Examples above of sunfish with a high GSI (prespawning ovary) or a low GSI (immature ovary) are of redear sunfish, but bluegill sunfish ovaries are similar

Note: Letters above bars indicate statistical differences in site responses

(for example, “a” is statistically different from “b”);

GSI = (ovary wt/ body weight) x 100;

ERM = Emory River Mile, CRM = Clinch River Mile.


Bluegill sunfish reproductive condition spring 2009 fecundity
Bluegill Sunfish Reproductive Condition Spring 2009: Fecundity

Note: Letters above bars indicate statistical differences in site responses (for example, “a” is statistically different from “b”);

vitellogenicoocytes = larger immature eggs in the process of accumulating yolk;

batch fecundity = number of vitellogenicoocytes in a leading clutch of developing oocytes destined

to be spawned, or released from the ovary, at the same time, or alternatively the number of post-ovulatory

follicles (the tissue layers wrapping the immature oocytes) left behind in a post-spawn ovary;

ERM = Emory River Mile, CRM = Clinch River Mile


Bluegill sunfish reproductive condition spring 2009 oocyte viability
Bluegill Sunfish Reproductive Condition - Spring 2009: FecundityOocyte Viability

Picture of oocytes from a sunfish ovary illustrating

the appearance of normal vitellogenicoocytes,

an atreticoocyte, and a parasitic cyst present along

with the oocytes within the ovarian tissue

Note: Letters above bars indicate statistical differences in site responses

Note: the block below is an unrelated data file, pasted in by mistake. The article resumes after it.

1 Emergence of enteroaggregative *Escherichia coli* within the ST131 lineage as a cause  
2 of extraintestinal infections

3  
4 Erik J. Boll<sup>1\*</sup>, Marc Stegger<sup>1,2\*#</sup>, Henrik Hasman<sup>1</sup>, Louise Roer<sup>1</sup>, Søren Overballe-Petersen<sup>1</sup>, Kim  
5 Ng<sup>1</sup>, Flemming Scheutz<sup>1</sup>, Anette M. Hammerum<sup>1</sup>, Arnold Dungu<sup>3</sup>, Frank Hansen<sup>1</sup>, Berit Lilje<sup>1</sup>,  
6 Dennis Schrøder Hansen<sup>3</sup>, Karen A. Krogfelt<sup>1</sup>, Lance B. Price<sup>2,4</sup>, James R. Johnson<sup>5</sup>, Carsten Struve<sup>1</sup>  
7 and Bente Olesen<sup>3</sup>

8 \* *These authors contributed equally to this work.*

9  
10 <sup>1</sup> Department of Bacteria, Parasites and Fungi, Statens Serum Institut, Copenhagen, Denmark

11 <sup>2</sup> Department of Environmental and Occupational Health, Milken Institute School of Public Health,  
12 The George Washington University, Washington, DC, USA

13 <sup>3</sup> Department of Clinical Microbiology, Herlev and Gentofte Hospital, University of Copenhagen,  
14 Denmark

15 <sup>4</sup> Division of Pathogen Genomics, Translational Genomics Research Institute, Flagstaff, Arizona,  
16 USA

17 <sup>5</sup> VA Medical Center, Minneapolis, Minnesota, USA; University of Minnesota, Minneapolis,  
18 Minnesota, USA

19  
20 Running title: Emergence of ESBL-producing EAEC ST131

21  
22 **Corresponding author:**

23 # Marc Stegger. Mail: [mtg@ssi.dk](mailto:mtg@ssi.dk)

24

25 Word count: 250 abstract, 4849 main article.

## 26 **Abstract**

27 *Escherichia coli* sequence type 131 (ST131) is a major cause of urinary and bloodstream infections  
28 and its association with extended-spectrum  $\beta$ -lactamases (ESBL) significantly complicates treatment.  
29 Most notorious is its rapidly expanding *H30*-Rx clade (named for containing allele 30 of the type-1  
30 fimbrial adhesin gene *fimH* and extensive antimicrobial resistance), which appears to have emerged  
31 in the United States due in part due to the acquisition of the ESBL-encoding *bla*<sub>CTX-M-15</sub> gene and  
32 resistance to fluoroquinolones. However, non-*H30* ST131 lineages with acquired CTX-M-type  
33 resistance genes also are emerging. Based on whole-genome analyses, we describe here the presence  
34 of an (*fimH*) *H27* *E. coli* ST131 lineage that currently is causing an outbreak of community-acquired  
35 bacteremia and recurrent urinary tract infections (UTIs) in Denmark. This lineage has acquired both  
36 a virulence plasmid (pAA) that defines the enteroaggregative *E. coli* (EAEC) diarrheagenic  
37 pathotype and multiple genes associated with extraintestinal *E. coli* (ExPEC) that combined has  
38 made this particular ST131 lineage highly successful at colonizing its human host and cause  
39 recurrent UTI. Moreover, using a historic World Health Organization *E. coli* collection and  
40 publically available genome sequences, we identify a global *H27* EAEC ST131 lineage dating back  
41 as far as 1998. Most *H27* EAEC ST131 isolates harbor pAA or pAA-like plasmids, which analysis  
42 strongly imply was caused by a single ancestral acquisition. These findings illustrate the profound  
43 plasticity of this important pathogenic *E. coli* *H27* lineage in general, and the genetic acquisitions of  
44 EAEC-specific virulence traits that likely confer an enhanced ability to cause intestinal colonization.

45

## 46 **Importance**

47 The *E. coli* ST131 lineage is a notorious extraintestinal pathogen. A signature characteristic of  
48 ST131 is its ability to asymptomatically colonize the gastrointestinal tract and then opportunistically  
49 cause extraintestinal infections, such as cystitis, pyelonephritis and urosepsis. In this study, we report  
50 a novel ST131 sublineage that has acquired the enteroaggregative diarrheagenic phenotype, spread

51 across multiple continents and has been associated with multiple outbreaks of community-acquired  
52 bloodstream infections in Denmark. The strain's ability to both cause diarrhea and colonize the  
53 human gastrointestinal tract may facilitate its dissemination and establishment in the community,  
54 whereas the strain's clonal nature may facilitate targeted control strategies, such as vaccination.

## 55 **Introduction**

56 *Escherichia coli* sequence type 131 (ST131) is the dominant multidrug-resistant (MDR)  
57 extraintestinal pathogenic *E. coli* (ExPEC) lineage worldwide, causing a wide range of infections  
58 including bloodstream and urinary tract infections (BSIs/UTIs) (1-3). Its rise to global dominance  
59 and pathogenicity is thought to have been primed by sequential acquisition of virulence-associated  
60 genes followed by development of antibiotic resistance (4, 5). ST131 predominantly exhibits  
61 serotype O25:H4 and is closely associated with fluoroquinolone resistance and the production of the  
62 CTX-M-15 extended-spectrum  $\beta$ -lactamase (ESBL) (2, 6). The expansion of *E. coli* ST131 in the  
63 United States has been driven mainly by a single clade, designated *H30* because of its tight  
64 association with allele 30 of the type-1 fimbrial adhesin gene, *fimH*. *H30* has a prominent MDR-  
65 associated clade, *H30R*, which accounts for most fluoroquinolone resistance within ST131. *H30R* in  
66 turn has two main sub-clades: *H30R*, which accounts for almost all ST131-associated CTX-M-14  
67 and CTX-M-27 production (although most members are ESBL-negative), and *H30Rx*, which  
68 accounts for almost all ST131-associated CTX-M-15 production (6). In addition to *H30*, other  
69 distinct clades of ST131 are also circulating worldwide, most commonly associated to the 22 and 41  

(for example, “a” is statistically different from “b”);

atreticoocytes are dead or dying immature eggs (oocytes);

ERM = Emory River Mile, CRM = Clinch River Mile.


Field studies of fish reproductive condition status
Field Studies of Fish Reproductive Condition: Status Fecundity

  • Ovary samples collected through 2011

  • Ovary samples through 2010 analyzed

  • Data for 2009-2010 being compiled and statistically analyzed for September 2011 reporting


Short term laboratory tests of the effects of fly ash on fish early development
Short-term Laboratory Tests of the Effects of Fly Ash on Fish Early Development

  • Tested effects of direct contact exposure to fly ash on fish early development in experimental exposures

  • Tests were modified fathead minnow 7-day embryo-larval toxicity tests conducted for 7-days through yolk-sac absorption

  • Samples included 4 sediment samples dredged from the Emory River consisting of various percentages of pure ash

  • Control treatment consisted of filtered Emory River water collected from ERM 8.0

  • Endpoints = % survival, % terrata, % hatching success


Collection sites for sediment tested by fathead minnow embryo larval bioassays
Collection Sites for Sediment Tested by Fathead Minnow Embryo-Larval Bioassays

Sample A = 67% ash

Sample B = 75% ash

Sample C = 78% ash

Sample D = 46% ash


Results of fathead minnow embryo larval tests
Results of Fathead Minnow Embryo-Larval Tests Embryo-Larval Bioassays